Older dog with owner.

Responsible pet owners make a profound commitment to take care of their pets for life. While it may seem impossible to think about the senior years of a puppy or kitten, it’s worthwhile to pursue long-term health and wellness from their earliest months. As pets age, certain health conditions can become more prominent. We encourage owners of senior pets to maintain two wellness visits a year in order to support their pet’s changing needs, catch and treat issues early, and prevent associated problems with senior pet diseases. 

The Aging Process

Our pets age faster than we do. Depending on breed, size, and lifestyle, we start to categorize senior pets around age 7.

Since every senior pet is different, and age-related conditions vary, it is critical to schedule and keep a senior pet’s routine wellness exams every 6 months. This increased frequency can help us catch problems before they even start, or experience greater success in treating certain conditions. Without regular intervals of veterinary attention, senior pet diseases may develop unchecked, and negatively impact health and longevity.

Moving Around

One of the most common senior pet diseases is arthritis. As the cartilage between joints wears down, the joints can experience painful inflammation and present the following symptoms:

  • Pain
  • Stiffness
  • Swelling
  • Limping
  • Lethargy
  • Reluctance to jump or climb stairs
  • Sensitive to touch
  • Irritability
  • Aggression

Staying active and managing weight are incredible ways to counter the pain and stiffness associated with arthritis. Deity supplements, including omega-3 fatty acids, and medication can soothe symptoms and improve quality of life. 

Dental Care Matters

In the absence of regular brushing and routine professional teeth cleanings, pets can develop periodontal, or gum, disease. Oral bacteria can turn into a filmy substance called plaque. Minerals in saliva can harden the plaque to create tarter. Over time, tartar build up can actually cause the gums to recede and separate from the tooth structures. In these pockets between the teeth and gums, bacteria can easily enter, cause infection, and then spread into the bloodstream. Systemic illness caused by periodontal disease can affect the major organs.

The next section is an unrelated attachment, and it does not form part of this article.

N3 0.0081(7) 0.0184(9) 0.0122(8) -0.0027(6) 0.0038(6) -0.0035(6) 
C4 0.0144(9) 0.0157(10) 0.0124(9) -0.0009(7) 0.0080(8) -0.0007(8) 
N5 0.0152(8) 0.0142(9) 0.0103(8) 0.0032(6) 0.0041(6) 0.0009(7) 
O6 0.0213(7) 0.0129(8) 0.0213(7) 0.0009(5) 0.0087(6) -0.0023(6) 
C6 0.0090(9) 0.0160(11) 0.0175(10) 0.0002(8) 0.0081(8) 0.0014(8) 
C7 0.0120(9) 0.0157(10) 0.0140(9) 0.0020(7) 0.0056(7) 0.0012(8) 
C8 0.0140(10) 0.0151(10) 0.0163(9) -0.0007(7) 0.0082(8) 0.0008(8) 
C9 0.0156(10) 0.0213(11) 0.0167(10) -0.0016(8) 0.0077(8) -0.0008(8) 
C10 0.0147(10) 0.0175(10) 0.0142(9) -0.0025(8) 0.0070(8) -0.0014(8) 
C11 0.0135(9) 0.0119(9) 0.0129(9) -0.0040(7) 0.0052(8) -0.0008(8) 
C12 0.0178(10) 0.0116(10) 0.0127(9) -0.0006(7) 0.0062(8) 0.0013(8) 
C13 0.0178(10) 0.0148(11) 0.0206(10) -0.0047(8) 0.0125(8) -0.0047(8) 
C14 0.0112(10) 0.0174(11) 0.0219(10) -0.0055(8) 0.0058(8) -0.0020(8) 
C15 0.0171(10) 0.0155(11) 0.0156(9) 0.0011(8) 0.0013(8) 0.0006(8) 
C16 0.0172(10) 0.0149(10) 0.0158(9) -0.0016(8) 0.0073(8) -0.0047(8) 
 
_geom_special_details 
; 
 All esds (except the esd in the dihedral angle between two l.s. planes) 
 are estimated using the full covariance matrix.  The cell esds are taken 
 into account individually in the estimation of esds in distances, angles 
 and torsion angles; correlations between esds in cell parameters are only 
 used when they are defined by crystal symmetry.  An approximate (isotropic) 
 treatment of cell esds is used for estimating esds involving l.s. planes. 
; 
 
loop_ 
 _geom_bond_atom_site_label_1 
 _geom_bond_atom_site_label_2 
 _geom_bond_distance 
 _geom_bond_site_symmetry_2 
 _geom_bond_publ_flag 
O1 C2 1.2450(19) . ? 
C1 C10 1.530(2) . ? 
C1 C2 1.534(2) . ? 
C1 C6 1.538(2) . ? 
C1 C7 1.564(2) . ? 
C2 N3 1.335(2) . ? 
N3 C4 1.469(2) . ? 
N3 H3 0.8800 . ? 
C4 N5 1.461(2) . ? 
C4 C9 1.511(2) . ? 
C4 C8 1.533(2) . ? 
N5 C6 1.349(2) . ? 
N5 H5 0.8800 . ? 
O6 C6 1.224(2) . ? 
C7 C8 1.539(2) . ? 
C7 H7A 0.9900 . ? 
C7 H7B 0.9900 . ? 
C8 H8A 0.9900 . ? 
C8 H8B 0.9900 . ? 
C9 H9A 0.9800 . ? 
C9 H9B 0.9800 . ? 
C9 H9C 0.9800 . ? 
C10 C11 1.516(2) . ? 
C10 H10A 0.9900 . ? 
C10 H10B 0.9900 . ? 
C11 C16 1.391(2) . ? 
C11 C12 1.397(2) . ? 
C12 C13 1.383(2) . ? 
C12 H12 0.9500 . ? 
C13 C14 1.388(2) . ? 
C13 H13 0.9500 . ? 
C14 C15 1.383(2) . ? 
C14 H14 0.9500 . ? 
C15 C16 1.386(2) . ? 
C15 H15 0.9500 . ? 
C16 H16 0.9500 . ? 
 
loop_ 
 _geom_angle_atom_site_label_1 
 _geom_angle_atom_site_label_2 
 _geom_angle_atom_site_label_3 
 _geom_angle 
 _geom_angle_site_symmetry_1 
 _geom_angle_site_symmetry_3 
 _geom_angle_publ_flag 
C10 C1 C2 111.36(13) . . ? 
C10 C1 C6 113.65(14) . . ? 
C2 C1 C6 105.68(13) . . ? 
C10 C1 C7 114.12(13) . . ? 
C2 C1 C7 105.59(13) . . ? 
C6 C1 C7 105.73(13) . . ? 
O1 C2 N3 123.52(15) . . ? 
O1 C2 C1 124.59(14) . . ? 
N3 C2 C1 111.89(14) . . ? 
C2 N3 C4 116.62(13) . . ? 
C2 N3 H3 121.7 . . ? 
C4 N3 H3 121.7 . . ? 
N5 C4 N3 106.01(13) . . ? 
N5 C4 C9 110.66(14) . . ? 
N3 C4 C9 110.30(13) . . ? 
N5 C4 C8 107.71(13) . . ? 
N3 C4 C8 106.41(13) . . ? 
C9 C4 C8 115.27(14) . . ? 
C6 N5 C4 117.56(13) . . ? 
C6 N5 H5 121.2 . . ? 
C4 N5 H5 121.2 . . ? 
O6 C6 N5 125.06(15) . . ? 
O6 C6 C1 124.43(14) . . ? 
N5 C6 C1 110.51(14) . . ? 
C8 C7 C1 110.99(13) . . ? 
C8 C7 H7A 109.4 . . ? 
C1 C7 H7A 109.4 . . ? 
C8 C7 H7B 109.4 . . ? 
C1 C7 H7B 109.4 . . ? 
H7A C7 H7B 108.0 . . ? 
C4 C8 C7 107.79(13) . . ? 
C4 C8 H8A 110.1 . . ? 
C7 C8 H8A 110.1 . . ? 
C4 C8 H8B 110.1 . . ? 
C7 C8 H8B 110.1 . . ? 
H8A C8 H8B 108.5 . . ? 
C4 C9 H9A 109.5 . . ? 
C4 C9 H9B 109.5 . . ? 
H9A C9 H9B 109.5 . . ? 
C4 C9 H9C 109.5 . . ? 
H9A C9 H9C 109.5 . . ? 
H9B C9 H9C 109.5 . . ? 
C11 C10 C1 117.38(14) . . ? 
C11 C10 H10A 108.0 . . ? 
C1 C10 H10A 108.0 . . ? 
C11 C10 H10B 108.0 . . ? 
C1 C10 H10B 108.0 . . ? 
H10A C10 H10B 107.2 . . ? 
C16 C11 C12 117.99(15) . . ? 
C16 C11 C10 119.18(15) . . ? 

Preventing and Managing Diabetes

The pancreas is responsible for producing the important hormone insulin. When a pet’s body makes inadequate levels of insulin, or has an abnormal reaction to insulin, diabetes mellitus occurs. Affecting the level of glucose in the blood, diabetes mellitus can cause the following symptoms:

  • Weight loss
  • Increased thirst/urination
  • Blurry vision
  • Fatigue
  • Wounds that are slow to heal
  • Irritability

Weight gain can be a factor in diabetes, but some breeds are genetically predisposed. Diabetic pets can continue to enjoy long, healthy lives with a daily regimen of care. 

Eye Issues

You may start to see your senior pet miss jumps, bump into furniture, or stumble as they age. Blindness is a common age-related condition, but with heightened awareness and sensitivity you can prevent injury and distress by making adjustments at home. 

We Are Here For Senior Pets

Please call us at (916) 791‑8387 with any questions about senior pet diseases, and how you can influence your pet’s health at every life stage. Our veterinarians are always here for your pet at Bayside Animal Hospital